Part I – Is it time for a female James Bond?
“Is nothing sacred?” meowed Spike the cat, official representative of the men in my life. “Your sex has appropriated everything. Can’t you leave us one at least totem of pure masculinity?”
“Nope,” I reply. And here’s why.
Commander James Bond, the character created by Ian Fleming, was definitely a man. A dull man, a blunt instrument, darkly handsome with a cruel mouth. Leaving the Navy, having served in the second world war, he becomes a secret service agent: 007 – licenced to kill. Perennially in his thirties, he never ages as he drinks, smokes, spies, womanises, fights and murders.
The film version of James Bond reached the apogee of perfection in Daniel Craig. Strong, silent and ruthlessly efficient he is a man of few words, in control of his emotions. Scar tissue has formed a carapace around his heart. But for the right woman, he will risk everything.
Highly skilled, athletic, well educated, cultured and confident, he may be a civil servant, but he’s more than just a man for hire. A daredevil rule breaker, streetsmart, a cussed, independent rogue.
So how do these traits play in a woman?
The traditional femme fatale is languid, cool, passive, beautiful in repose, rarely seen in action: Marlene Dietrich in Blonde Venus (1936), Mary Astor as Ruth Wonderly in The Maltese Falcon (1941) or Ava Gardner as Kitty Collins in The Killers (1946).
The femme fatale is the villain, not the hero.
There are intelligent female rule breakers who triumph in film with the aid of a powerful men: Julia Roberts as Erin Brockovich (2000) or Taraji P. Henson as Katherine Goble Johnson in Hidden Figures (2016).
Balanced portrayals of confident, powerful, intelligent women working alone, or with other women, are rarer. Notable exceptions are
- Sigourney Weaver as Ripley in Alien (1979–1997)
- Linda Hamilton in Terminator (1991)
- Michelle Yeoh as Shu Lien in Crouching Tiger, Hidden Dragon (2000)
- Jennifer Lawrence as Katniss Everdeen in The Hunger Games (2012–2015)
- Helen Mirren as DCI Jane Tennison in Prime Suspect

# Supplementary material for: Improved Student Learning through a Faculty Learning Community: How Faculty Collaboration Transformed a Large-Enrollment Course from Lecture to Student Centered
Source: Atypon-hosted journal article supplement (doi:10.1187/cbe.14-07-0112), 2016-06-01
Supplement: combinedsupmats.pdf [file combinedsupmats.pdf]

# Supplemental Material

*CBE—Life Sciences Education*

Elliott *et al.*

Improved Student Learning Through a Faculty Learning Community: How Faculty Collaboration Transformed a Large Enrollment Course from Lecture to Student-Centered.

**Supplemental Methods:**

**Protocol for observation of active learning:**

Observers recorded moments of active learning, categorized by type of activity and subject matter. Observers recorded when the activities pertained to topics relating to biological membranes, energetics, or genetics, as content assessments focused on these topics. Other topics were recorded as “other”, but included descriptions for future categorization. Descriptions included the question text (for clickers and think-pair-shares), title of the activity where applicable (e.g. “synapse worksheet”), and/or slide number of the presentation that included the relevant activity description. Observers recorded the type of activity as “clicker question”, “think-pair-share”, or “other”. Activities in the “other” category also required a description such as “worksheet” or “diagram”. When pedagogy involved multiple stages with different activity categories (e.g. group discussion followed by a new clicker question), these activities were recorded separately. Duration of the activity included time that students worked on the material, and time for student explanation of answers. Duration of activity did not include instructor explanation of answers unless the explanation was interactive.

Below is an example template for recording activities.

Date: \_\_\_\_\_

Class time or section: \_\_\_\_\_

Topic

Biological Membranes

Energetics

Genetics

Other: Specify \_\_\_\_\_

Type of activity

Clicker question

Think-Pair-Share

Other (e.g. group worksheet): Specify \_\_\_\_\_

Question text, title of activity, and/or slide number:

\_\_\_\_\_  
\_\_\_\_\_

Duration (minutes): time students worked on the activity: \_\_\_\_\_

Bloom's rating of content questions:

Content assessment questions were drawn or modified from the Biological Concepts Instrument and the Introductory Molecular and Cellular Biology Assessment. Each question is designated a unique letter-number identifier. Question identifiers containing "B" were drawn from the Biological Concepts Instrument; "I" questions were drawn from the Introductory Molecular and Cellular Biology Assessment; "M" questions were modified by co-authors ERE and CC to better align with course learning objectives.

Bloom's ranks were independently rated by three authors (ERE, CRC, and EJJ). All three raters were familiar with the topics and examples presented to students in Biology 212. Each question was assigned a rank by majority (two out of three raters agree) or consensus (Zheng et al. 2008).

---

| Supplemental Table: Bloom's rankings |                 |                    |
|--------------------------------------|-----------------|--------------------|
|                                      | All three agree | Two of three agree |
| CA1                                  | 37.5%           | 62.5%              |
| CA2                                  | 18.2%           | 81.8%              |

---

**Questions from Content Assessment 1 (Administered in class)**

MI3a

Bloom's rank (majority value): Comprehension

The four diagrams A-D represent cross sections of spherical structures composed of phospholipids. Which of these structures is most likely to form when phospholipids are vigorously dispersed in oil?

But when you add cold-blooded murderer to the mix, things generally don’t end well.
Glenn Close as Alex Forest in Fatal Attraction (1987) does not survive, but at least she is believable, unlike The Bride (Uma Thurman) as she takes on the Deadly Viper Assassination Squad –O-Ren Ishii (Lucy Liu), Elle Driver (Daryl Hannah), Vernita Green (Vivica A. Fox), and Gogo Yubari (Chiaki Kuriyama) in Kill Bill (2003) or Anne Parillaud as Nikita (1990).
Emilia Clarke as Daenerys Targaryen in Game of Thrones (2011-2019) is pretty awesome, but she does rely on dragons. I rest my case.
Feminist film theorist Laura Mulvey writes that in film, women are too often simply objects for the male gaze. It was only when Jodie Comer arrived as Villanelle in Killing Eve that I met a cold blooded female assassin who was even remotely credible.
And completely unhinged.
“Why steal 007, “ purrs Spike. “Why not create a rival, a shapely 008 or an adventurous 069?”
“Nope,” I say. I’m tired of films that place women in roles that don’t feel true.
“And yet you want a woman to play a sane, sexy, athletic, promiscuous, powerful, intelligent, rule breaking, ruthless contract killer?” Spike sighs and stretches out in front of the fire. “Leave James Bond alone.”
Perhaps he has a point. Ian Fleming was born in 1908, before women in England could vote. He died in 1964 before the equal pay act.
Times change, and with them our cultural values.
Do we really want a female James Bond in 2020? Why not a different hero, every bit as smart and sexy, fit and capable. Why not a warrior for justice with emotions and feelings and a moral compass?
What do you think?
Spike would like to know.
Described* as ‘an audacious, female-led thriller which took the disposable women of the James Bond franchise and flipped the concept entirely on its head.’ Fiona Erskine’s debut thriller “The Chemical Detective” is published by the Oneworld imprint, Point Blank Books, available in all good bookshops and online here.
Book 2 in the Jaq Silver series will be published in April 2020. Pre-order here.